The myth that America’s narrative is losing to ISIS’s persists despite the fact that millions of people are fleeing ISIS territories, while mere thousands have traveled to join the group. It persists despite the fact that the Islamic State’s ideological sympathizers make up less than 1 percent of the world’s population, even using the most hysterically alarmist estimates, and the fact that active, voluntary participants in its caliphate project certainly make up less than a tenth of a percent.
In contrast to the Third Reich, whose Nazi ideology attracted tens of thousands of supporters in America, ISIS “has recorded only trifling victories in the war of ideas,” he writes. “There are no ISIS towns in America,” he continues, and “ISIS can claim no support from major celebrities or captains of industry in America or abroad.” Berger approvingly quotes Will McCants, who observes in The ISIS Apocalypse that “reducing the mass appeal of ISIS is pointless, given that it doesn’t have mass appeal.”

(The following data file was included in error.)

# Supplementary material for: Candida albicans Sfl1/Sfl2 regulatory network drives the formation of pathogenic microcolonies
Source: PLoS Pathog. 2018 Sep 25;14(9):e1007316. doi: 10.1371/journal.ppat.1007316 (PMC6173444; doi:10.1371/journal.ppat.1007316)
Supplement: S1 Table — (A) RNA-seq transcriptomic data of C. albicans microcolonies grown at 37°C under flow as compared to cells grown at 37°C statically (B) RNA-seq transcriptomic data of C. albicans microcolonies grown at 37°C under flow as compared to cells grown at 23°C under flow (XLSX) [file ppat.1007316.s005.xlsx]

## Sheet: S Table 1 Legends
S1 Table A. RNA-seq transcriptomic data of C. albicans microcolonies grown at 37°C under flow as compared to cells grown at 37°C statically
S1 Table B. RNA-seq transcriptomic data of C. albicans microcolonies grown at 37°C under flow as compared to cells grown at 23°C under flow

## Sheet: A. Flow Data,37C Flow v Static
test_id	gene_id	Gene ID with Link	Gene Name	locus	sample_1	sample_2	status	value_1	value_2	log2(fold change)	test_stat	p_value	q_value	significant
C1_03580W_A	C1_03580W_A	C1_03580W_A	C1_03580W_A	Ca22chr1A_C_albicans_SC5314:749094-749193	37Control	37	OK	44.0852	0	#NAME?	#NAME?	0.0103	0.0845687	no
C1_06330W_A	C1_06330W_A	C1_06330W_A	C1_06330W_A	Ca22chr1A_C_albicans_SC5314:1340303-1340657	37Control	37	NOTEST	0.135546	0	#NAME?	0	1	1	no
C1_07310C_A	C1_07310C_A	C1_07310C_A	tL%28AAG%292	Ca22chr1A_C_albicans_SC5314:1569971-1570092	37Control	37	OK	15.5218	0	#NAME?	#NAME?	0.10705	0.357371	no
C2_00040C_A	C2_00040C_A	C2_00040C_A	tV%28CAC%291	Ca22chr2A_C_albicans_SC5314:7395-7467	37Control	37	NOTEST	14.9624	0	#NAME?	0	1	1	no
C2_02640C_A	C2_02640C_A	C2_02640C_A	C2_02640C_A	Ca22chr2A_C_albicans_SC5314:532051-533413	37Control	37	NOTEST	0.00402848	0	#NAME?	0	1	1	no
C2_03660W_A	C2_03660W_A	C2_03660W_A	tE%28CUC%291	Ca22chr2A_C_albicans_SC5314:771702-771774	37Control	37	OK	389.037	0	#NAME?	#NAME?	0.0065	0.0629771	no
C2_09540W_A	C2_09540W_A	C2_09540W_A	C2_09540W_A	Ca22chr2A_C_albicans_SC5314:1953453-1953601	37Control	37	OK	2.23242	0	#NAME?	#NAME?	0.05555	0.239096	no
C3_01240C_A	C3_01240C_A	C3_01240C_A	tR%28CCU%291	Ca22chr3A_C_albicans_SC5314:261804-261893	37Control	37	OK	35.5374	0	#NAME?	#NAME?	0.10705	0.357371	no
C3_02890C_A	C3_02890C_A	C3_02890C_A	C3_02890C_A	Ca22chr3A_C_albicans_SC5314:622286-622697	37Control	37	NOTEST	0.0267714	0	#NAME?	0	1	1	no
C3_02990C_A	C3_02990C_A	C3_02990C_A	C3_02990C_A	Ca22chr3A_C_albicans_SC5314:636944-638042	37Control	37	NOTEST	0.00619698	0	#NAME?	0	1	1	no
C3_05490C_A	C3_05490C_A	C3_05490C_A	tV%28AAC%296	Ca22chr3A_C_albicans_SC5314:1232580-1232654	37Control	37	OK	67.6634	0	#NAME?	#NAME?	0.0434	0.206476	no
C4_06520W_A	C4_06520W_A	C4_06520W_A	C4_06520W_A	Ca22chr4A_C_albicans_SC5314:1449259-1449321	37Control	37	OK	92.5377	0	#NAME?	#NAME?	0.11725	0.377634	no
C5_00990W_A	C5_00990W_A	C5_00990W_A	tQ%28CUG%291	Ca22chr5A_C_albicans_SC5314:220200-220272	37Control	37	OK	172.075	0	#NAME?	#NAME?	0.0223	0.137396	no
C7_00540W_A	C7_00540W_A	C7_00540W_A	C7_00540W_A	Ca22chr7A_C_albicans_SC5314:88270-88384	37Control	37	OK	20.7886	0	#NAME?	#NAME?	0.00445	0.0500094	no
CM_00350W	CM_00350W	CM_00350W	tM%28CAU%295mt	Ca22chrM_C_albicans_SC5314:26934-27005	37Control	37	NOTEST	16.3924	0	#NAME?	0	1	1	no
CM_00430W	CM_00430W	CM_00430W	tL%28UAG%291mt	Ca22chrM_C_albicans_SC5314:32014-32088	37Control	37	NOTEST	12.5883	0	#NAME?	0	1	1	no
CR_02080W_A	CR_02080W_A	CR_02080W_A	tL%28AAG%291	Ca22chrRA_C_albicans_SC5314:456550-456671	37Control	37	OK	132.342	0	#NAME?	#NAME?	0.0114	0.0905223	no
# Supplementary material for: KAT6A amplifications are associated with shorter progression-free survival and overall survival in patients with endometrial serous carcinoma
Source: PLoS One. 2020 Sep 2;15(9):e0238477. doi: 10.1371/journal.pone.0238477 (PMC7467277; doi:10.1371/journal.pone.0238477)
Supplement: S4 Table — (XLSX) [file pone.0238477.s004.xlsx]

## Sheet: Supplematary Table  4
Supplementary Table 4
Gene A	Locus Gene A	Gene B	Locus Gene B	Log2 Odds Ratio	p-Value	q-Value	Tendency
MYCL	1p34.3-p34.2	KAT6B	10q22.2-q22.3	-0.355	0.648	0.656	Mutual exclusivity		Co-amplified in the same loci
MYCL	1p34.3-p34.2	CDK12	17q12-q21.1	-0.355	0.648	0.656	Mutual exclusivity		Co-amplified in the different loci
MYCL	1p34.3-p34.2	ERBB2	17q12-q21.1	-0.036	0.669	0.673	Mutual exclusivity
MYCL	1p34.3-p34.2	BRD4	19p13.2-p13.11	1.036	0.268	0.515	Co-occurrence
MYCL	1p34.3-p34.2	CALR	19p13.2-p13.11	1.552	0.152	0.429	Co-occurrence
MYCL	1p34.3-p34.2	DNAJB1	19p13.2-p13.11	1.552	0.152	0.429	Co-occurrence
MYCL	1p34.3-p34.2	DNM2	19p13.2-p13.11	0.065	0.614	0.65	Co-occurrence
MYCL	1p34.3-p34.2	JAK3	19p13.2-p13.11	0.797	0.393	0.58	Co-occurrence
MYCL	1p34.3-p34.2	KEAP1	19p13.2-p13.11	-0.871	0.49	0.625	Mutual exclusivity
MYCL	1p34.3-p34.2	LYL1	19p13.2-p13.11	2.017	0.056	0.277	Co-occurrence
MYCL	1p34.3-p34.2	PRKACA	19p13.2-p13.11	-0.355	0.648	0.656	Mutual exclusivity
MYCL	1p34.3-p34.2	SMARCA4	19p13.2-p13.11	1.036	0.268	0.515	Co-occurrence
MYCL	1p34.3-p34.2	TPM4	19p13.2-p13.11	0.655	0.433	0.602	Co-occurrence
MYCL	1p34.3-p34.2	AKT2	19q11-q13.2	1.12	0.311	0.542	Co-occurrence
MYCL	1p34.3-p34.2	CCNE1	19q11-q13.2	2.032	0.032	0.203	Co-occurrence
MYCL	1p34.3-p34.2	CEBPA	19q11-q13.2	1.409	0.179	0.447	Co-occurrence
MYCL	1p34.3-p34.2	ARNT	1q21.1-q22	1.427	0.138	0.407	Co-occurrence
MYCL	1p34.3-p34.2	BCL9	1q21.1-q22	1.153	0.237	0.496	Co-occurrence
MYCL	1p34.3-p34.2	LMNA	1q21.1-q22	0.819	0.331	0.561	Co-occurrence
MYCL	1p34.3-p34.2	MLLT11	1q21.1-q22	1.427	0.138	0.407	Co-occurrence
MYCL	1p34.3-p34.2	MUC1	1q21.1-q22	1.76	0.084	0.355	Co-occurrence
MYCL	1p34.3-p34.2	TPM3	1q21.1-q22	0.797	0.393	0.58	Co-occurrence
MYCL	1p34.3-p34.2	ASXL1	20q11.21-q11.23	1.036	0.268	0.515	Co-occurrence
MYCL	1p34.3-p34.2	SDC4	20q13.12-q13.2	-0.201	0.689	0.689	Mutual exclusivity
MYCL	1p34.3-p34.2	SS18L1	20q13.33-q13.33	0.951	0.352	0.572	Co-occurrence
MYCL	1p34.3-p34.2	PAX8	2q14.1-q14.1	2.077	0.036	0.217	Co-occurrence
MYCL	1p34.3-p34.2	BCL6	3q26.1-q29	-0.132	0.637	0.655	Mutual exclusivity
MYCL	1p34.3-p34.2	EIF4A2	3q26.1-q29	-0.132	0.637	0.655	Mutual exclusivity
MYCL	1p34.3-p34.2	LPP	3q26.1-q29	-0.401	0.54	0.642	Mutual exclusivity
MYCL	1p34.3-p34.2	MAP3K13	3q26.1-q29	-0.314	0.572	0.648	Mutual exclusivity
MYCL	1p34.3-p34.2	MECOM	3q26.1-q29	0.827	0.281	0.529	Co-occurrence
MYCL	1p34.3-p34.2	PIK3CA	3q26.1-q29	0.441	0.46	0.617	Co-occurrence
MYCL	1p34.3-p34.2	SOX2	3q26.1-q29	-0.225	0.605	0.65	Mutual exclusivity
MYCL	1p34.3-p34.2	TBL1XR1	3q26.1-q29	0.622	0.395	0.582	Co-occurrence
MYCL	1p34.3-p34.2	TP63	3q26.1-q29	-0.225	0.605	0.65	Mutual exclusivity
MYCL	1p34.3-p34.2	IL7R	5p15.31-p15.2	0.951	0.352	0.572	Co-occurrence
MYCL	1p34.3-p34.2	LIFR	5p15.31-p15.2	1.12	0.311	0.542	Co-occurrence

Berger’s writings on jihadism, not least his book on ISIS coauthored with Jessica Stern, are typically insightful and incisive. But in this case his commentary obscures far more than it clarifies. When Berger insists that ISIS is a fringe movement without mass appeal, he is right to the point of stating the obvious. Of course there are no ISIS towns in America or pro-ISIS voices in the dominant culture of Western democracies. Who would seriously argue otherwise, or contend that ISIS appeals to the masses?